Nail-laminated Timber (NLT) is lightweight, low-carbon and compatible with high-performance buildings. NLT is made by placing dimension lumber (nominal 2x, 3 x, or 4x thickness and 3in to 12 inch width) on edge and fastening the individual lamination together with nails. The final product is a solid structural element.

Image: ThinkWood

Innovation with NLT is inspiring new opportunities for large- and small-scale buildings across sectors like Clay Creative and T3.

Because NLT can be made with materials found at a lumber yard, often the first question is “Does it matter what type of lumber I use?”

Selecting lumber for NLT: Species

Lumber species and grade affect both strength and appearance of NLT. Color, uniformity of appearance, and presence of visual defects differ between species. In addition to aesthetic or structural considerations, species also vary in other important ways. Species absorb and release water at different rates, which should be considered if NLT will be exposed to significant moisture during construction. Workability and hardness also differ between species and generally relate to density; for instance, Douglas Fir is denser than SPF, which can result in more resistance when nailing or cutting, although only slightly.

NLT used in T3. Photo: StructureCraft Builders

Grade

Grade also matters where NLT is exposed as an interior finish. For instance, although visually graded No. 2 lumber may meet structural requirements, a higher appearance grade can minimize visual defects (wane, holes, large knots) to better address aesthetic criteria. Using Select Structural grade lumber will provide improved structural properties while reducing visual defects compared to No. 2 lumber, but availability may be limited, and Select Structural is typically more expensive. Although visually graded lumber is more common than Machine Stress Rated (MSR) lumber, MSR lumber can improve the strength and stiffness of NLT.

Clay Creative, Mackenzie Architects. Photo: Christian Columbres

Quality

Where high-quality, exposed NLT is desired, fabricators ordering No. 2 and better material should expect to visually cull it for consistent quality and anticipate a typical waste factor of 15% to 20%. To assist with visual culling it may be helpful to identify visual characteristics of acceptable lumber in advance to facilitate a consistent look.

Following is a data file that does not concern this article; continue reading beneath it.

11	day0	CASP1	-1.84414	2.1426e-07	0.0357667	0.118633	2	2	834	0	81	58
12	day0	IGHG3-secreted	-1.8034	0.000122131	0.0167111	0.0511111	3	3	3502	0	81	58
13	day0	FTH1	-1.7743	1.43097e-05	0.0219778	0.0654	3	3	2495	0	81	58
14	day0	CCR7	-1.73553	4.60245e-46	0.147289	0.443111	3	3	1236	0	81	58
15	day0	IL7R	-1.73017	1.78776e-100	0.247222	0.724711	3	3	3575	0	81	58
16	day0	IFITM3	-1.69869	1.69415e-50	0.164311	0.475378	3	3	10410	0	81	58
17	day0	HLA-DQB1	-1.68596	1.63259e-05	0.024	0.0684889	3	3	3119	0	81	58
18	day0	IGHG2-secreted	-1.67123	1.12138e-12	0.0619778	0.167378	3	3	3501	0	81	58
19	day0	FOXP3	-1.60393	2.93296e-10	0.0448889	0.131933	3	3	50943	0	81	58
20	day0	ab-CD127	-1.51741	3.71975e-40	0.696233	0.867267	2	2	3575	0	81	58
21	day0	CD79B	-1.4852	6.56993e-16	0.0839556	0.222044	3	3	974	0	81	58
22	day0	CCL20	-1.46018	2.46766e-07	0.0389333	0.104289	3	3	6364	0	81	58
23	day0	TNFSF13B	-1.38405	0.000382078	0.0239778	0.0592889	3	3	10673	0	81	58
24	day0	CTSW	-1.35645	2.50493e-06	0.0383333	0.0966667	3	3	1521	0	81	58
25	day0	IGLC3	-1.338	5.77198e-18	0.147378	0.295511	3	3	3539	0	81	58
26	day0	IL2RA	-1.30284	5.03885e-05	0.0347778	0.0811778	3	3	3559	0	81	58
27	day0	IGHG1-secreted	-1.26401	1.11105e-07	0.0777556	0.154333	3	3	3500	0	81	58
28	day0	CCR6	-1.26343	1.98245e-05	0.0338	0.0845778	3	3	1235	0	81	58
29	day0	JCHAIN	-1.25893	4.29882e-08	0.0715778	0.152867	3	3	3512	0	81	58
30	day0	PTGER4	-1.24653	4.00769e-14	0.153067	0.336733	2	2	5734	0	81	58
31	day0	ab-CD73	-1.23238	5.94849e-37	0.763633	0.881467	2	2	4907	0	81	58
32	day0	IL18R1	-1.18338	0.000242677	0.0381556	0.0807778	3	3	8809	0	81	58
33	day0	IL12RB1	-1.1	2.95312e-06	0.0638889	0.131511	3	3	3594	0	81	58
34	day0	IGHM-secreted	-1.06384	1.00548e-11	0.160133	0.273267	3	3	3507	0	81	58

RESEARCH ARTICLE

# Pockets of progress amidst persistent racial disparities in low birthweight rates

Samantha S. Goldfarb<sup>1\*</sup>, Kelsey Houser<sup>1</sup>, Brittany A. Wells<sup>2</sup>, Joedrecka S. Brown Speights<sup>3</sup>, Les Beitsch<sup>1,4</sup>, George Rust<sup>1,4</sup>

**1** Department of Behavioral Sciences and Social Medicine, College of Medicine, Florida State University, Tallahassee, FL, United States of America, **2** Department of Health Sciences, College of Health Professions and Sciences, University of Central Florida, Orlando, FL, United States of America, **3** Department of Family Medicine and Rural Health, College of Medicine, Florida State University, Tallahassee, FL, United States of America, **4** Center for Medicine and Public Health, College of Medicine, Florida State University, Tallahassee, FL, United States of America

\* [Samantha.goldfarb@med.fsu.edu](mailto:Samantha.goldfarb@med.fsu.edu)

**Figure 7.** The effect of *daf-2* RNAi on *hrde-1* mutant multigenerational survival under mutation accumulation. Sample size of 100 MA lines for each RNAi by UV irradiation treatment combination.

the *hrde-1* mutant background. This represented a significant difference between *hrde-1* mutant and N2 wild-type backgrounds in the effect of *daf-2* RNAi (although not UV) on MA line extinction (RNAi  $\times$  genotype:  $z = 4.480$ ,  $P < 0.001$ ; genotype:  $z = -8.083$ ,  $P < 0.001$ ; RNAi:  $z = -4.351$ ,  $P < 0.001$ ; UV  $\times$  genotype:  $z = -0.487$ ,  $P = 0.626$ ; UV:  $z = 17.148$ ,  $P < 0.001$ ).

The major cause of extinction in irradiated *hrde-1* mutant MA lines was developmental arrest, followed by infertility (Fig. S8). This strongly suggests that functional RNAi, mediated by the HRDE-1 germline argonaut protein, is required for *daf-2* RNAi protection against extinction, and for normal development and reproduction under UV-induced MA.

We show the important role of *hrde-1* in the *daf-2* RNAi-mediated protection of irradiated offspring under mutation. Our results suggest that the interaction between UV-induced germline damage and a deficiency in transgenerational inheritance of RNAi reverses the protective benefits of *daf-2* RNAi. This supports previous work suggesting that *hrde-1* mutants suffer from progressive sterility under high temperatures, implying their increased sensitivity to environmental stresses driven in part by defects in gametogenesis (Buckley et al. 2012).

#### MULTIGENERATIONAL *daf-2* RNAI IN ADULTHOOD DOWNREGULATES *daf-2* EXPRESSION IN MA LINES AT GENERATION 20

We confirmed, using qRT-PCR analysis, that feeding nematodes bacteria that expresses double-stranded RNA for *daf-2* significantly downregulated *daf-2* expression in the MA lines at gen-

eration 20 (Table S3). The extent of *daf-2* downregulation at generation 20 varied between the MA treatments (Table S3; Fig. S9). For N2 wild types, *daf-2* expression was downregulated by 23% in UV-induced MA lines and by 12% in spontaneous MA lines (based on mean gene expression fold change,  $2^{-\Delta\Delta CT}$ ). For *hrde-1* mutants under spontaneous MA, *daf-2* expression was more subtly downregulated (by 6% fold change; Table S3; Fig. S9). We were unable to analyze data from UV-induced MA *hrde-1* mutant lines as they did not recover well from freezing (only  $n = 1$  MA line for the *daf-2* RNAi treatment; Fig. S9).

Some lumber mills offer specific appearance grades in addition to visual grading for structural performance. Request information on availability and differences between appearance grades from local lumber suppliers. Some higher appearance grades of lumber include Premium (or Prime) grade, Hi- Line (or Home Center) grade, and J Grade. J Grade is generally the highest quality of these options. A waste factor of 5% to 10% is typical for higher appearance grades, which may offset the increased cost of the lumber.

Other considerations

Other important considerations for selecting grade and species include fabrication efficiency and cost, such as labor required to grade and handle extra material, and space required to store additional material and culled lumber.

More on NLT

This is an overview to help become familiar with a versatile method of construction with a range of modern opportunity to create compelling architecture.

More detailed information on fasteners, coatings, and tools and equipment needed are available in the U.S. NLT Design and Construction Guide, available HERE.